I have Ubuntu 12.04 LTS and I tried to upgrade to Ubuntu 12.10. When I clicked in the Update Manager Upgrade a message box apeared:

Cannot run the upgrade. This usually is caused by a system where /tmp is mounted noexec. Please remount without noexec and run the upgrade again.

I tried to make /tmp executable in Terminal with the following command:

mount -o remount,exec /tmp /var/tmp

I pressed Enter and I got the following message from Terminal:

mount: only root can do that

What should I do now to make /tmp executable and upgrade the OS?

  • 2
    Welcome to Ask Ubuntu! Could you include the output of cat /proc/mounts in your question? To be sure about the configuration on your system.
    – gertvdijk
    Jun 22, 2013 at 14:28

5 Answers 5


You need to have root privileges. For this, put sudo in front of the command:

sudo mount -o remount,exec /tmp

When you are asked for a password, just enter your usual user password.

  • 5
    This command doesn't work for me. Instead I get a : "mount: /tmp not mounted or bad option" error
    – Dark Star1
    Apr 14, 2014 at 21:21
  • 1
    It does not work for me either. Aug 3, 2016 at 17:23

It shows that your /tmp is mounted as noexec, so try to mount it with exec option in order to make your upgrade work.

exec / noexec - Permit/Prevent the execution of binaries from the filesystem.

Open the /etc/fstab file as root, for example run

sudoedit /etc/fstab

Change the below line (/tmp entry on fstab for mine looks like this) from

tmpfs /tmp tmpfs defaults,noatime,mode=1777,nosuid,size=512M,noexec 0 0


tmpfs /tmp tmpfs defaults,noatime,mode=1777,nosuid,size=512M,exec 0 0

Or, if your line looks different, just remove and replace noexec in the fourth column with exec.

Save that file and then restart your system. Now try to upgrade again.


Would you try this command? In my case, this worked.

sudo mount -t tmpfs -o exec tmpfs /tmp

and then, check if it worked.

  • This worked for me thanks a lot!
    – n1nsa1d00
    Aug 24, 2022 at 9:39

Privileges and permissions in linux can be confusing. I recommend reading this before you start using sudo. Once you understand the difference between root, sudo, and normal user, you'll have a much better grasp of why this error happened (and *nix in general). See also the man pages for chown and chmod.


Other answers tell you how to make /tmp executable temporarily. To persist this setting:

  1. Edit /etc/systemd/system/tmp.mount (sudo systemctl edit tmp.mount --full).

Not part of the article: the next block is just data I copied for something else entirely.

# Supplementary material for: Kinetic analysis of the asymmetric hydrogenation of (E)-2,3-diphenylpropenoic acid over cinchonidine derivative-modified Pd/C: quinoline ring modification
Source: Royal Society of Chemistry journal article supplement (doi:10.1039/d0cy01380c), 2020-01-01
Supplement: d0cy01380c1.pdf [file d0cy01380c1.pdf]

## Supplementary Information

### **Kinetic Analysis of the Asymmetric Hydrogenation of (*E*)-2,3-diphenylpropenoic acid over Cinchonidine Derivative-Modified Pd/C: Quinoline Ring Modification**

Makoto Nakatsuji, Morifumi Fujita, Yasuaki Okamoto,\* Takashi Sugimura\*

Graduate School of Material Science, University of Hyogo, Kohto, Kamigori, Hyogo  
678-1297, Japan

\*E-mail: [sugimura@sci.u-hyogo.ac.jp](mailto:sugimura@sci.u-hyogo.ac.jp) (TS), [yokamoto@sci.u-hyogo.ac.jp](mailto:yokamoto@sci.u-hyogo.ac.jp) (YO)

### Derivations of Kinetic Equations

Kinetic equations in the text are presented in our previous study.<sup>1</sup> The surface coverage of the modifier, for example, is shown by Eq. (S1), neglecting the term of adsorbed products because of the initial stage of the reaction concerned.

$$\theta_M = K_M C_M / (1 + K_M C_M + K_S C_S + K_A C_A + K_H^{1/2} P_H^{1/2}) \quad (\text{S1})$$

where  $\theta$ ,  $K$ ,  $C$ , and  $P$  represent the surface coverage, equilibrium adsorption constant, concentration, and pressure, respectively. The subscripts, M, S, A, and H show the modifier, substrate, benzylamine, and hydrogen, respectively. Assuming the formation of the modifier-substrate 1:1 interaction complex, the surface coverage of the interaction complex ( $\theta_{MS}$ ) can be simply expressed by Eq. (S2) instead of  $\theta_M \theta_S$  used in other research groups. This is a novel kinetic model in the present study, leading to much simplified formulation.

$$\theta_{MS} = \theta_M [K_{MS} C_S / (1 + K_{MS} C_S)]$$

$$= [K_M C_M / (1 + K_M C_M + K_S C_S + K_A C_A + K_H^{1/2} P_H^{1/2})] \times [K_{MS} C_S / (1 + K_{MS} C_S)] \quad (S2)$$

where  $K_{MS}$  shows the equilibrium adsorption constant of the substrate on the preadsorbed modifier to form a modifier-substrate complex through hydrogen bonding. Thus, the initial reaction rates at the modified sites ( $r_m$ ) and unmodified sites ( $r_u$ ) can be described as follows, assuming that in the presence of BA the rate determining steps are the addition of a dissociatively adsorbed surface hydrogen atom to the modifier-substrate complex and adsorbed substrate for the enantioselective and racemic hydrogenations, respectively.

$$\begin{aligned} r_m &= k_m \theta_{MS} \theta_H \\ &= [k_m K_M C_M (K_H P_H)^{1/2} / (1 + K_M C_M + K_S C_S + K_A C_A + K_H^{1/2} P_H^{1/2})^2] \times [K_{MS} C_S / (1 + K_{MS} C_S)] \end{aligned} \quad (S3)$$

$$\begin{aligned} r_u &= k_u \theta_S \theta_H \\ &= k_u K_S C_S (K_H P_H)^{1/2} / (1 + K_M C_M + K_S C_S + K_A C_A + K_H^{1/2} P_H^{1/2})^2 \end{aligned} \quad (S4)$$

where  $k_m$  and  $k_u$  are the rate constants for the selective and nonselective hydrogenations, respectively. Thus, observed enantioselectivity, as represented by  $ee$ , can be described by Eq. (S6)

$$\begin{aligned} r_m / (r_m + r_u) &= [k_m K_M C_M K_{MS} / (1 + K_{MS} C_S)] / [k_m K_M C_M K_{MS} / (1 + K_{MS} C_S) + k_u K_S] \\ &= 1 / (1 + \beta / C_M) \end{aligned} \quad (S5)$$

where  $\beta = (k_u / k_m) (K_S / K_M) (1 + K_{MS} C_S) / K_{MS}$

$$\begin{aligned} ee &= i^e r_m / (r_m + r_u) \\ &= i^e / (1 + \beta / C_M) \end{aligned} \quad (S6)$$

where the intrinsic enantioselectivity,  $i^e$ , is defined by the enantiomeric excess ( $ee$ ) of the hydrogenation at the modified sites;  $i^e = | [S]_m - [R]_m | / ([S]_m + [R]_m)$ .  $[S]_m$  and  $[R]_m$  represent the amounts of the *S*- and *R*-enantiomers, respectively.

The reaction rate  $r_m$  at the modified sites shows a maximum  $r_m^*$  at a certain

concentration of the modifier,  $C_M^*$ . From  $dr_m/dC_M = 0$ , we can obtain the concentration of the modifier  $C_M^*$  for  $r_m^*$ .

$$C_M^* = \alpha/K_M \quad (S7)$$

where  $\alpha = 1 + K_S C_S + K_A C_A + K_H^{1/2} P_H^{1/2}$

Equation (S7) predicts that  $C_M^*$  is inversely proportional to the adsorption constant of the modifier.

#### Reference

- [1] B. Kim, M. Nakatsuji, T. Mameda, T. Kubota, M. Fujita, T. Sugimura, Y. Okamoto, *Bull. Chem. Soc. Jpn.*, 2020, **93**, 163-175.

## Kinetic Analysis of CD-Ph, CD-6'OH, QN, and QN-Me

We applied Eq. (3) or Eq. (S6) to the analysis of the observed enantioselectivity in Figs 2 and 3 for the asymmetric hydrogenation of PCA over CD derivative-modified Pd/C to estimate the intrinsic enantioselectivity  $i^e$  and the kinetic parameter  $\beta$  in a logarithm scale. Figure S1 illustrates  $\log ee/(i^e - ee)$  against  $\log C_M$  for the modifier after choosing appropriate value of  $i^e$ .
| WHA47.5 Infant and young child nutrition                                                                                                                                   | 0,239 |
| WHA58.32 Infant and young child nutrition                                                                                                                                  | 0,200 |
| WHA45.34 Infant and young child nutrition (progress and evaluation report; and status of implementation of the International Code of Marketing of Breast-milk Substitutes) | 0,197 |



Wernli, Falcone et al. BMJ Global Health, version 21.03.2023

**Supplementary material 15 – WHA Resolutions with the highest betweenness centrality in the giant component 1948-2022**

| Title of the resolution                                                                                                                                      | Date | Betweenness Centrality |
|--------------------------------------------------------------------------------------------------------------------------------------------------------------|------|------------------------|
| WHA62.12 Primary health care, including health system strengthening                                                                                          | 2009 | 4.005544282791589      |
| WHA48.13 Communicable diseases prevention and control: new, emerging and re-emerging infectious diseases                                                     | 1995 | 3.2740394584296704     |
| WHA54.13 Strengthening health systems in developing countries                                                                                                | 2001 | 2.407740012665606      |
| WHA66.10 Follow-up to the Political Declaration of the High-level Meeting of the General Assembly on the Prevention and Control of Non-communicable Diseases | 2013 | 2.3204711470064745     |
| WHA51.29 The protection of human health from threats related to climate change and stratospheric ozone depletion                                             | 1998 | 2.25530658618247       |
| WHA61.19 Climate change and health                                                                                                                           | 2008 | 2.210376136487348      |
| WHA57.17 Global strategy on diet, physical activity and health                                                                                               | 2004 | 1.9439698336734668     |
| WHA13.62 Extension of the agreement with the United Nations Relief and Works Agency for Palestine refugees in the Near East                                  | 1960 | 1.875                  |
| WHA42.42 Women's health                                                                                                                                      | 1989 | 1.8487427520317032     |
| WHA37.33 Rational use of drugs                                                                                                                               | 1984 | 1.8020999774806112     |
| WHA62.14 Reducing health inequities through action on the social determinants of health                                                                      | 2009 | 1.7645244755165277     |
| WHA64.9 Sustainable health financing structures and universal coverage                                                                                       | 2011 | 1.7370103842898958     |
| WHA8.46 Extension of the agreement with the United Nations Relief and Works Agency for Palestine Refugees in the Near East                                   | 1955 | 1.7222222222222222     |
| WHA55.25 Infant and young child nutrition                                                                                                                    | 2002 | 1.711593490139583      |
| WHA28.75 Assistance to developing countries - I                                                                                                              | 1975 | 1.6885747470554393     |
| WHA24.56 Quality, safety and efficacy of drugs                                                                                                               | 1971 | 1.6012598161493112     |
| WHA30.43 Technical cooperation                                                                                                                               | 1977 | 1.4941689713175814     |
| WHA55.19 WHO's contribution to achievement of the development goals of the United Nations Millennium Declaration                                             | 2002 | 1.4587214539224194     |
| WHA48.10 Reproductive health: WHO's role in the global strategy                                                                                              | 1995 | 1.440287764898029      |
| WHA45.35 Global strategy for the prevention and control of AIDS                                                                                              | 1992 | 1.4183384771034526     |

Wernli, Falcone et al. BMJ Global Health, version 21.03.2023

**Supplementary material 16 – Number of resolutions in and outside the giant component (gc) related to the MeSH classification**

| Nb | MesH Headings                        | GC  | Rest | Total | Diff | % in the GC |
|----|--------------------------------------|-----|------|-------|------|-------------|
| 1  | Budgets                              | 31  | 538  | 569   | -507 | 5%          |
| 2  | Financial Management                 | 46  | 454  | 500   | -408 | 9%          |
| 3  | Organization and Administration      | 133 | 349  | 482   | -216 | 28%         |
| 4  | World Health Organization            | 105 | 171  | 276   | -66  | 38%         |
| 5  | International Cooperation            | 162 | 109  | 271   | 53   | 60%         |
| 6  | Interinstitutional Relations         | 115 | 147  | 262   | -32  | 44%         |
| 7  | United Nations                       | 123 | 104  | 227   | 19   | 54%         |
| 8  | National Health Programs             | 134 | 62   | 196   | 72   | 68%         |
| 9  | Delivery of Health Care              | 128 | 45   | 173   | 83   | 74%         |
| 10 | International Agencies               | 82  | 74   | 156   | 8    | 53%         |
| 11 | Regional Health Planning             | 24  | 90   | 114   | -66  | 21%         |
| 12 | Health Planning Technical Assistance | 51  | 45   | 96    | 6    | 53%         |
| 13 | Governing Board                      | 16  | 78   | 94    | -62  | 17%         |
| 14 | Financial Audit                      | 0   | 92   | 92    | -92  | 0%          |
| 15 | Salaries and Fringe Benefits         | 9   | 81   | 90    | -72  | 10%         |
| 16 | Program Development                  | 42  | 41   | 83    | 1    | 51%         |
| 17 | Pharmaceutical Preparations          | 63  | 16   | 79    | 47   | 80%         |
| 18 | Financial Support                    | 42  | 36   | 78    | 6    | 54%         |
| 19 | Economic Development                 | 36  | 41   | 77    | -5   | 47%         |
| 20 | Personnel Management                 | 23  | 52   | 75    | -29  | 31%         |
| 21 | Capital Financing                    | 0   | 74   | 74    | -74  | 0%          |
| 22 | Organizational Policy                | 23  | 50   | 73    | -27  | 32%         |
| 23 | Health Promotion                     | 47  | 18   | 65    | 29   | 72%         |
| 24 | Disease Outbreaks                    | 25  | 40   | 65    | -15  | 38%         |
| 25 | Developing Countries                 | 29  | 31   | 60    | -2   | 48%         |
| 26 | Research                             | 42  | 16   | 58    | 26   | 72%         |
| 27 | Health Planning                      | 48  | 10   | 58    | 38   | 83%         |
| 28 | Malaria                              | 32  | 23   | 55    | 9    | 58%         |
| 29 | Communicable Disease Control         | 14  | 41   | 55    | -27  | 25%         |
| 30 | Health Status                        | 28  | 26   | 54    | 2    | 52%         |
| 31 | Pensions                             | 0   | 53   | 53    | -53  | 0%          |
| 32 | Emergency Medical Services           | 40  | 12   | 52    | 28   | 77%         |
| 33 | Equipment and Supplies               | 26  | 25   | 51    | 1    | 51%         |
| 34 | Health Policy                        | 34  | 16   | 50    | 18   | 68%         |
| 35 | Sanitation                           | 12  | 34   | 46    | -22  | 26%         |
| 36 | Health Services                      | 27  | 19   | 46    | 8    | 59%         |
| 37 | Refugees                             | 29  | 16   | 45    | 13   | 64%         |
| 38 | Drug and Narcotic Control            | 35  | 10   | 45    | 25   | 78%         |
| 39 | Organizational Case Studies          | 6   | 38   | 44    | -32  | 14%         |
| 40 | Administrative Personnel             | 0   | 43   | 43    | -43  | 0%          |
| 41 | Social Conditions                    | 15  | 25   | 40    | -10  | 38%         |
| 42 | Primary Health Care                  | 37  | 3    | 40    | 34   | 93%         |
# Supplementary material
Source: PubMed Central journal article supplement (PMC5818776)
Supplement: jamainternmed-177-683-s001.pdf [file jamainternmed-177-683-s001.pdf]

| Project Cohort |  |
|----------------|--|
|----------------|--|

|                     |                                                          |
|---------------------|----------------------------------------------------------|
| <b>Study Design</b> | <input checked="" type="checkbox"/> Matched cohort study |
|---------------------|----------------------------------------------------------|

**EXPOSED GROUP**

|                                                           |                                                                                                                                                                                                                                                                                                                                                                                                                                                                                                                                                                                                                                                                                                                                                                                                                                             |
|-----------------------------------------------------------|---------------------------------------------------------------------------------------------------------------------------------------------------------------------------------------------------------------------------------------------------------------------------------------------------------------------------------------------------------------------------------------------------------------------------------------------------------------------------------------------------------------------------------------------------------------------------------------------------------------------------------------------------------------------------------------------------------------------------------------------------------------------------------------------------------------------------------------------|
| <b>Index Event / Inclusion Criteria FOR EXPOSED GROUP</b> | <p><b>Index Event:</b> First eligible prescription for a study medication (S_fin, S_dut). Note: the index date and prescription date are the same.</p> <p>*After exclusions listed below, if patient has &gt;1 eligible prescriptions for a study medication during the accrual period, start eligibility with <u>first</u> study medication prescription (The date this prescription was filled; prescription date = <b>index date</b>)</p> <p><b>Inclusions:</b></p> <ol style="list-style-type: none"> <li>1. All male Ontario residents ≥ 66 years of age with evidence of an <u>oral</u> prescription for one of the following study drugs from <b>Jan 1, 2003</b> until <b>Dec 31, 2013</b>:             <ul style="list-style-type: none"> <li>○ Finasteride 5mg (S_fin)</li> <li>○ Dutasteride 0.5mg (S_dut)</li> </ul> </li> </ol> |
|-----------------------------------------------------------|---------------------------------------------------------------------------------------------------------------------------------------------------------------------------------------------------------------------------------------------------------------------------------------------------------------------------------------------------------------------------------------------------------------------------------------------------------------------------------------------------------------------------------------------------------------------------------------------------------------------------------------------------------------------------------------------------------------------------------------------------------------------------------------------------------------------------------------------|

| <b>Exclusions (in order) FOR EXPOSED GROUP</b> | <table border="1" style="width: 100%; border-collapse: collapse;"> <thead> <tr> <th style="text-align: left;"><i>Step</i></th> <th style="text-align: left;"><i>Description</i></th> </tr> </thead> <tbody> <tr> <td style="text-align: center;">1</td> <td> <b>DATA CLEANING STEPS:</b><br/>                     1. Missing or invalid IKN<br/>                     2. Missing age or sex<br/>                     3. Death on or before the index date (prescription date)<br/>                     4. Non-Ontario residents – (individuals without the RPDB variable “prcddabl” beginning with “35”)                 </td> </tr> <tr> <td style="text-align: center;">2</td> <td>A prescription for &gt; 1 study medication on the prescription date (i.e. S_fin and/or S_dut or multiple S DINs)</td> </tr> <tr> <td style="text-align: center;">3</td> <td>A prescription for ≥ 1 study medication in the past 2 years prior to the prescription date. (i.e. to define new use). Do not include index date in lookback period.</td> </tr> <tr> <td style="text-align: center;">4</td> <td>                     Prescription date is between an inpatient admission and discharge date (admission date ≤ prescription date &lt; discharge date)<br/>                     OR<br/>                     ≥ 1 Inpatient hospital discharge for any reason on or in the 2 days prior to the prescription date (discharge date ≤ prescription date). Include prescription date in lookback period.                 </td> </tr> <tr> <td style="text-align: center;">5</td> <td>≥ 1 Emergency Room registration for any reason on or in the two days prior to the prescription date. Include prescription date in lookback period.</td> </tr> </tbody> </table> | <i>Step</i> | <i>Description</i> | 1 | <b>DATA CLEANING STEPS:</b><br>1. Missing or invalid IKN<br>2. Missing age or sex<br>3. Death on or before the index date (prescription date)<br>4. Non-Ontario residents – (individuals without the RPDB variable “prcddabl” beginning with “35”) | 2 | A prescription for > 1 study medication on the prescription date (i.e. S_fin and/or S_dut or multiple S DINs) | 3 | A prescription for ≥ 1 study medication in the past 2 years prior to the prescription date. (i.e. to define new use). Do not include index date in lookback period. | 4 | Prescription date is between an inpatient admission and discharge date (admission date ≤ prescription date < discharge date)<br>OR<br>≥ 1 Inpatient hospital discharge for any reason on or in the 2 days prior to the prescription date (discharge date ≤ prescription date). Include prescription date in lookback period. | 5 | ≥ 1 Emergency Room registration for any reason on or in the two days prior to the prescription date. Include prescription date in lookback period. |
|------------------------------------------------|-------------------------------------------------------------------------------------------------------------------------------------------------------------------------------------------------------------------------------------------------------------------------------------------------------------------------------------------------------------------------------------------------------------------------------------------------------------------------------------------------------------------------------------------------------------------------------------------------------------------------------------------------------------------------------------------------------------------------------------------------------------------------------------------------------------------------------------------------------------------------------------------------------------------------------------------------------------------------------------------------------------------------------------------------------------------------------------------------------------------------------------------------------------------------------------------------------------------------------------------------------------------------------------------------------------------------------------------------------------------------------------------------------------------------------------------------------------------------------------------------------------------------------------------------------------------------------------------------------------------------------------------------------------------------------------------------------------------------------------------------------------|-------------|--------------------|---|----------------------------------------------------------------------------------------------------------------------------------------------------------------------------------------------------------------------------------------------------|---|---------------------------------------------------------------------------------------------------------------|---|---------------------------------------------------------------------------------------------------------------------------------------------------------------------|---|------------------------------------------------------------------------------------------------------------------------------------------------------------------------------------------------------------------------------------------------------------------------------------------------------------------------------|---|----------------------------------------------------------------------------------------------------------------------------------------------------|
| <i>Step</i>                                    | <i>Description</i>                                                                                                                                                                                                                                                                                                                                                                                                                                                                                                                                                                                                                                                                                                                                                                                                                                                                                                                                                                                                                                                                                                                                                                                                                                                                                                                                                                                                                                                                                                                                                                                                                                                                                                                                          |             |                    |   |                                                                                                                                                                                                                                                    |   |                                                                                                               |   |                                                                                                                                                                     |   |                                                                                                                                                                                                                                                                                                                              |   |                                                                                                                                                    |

2. Find the line with mount options (like Options=mode=1777,relatime,nodev,nosuid,noexec).
  3. Delete the noexec option.

From now on, your /tmp will be executable even after restarts!

  • To the downvoters: I know about potential security implications. /tmp was made noexec for some reasons, probably. I have no intentions to argue with that. I'm just answering the question. If one already decided to make it executable, who we are to judge. And here is a link to the answer is where I found the mention of tmp.mount systemd unit.
    – madhead
    Feb 21, 2022 at 1:10
  • I would be interested to know the context of this - my (Lubuntu 20.04) system has no file /etc/systemd/system/tmp.mount (and certainly the person asking this question before the adoption of systemd by Ubuntu wouldn't either, but there's nothing this site needs more than up-to-date answers, so that isn't a criticism), /tmp isn't mentioned in mount and so does not appear to have its own mount options. What are you running?
    – Zanna
    Feb 21, 2022 at 8:05
  • @Zanna, Ubuntu 20.04
    – madhead
    Feb 21, 2022 at 10:04
  • I just realized I put two identical answers for this question. I'm sorry for that.
    – madhead
    Feb 21, 2022 at 10:06
  • 1
    thanks... interesting... that wasn't a mistake by you - when you post the exact same answer to two different questions, we get a flag (the other question did not have any answers that gave a temporary solution - it's good read the stuff on the page and adjust if re-posting!) - I merged the two questions (which moves answers from one to the other) as they were duplicates, the other one had less detail, and Avinash's answer seemed worth moving over.
    – Zanna
    Feb 21, 2022 at 14:16

You must log in to answer this question.

Not the answer you're looking for? Browse other questions tagged .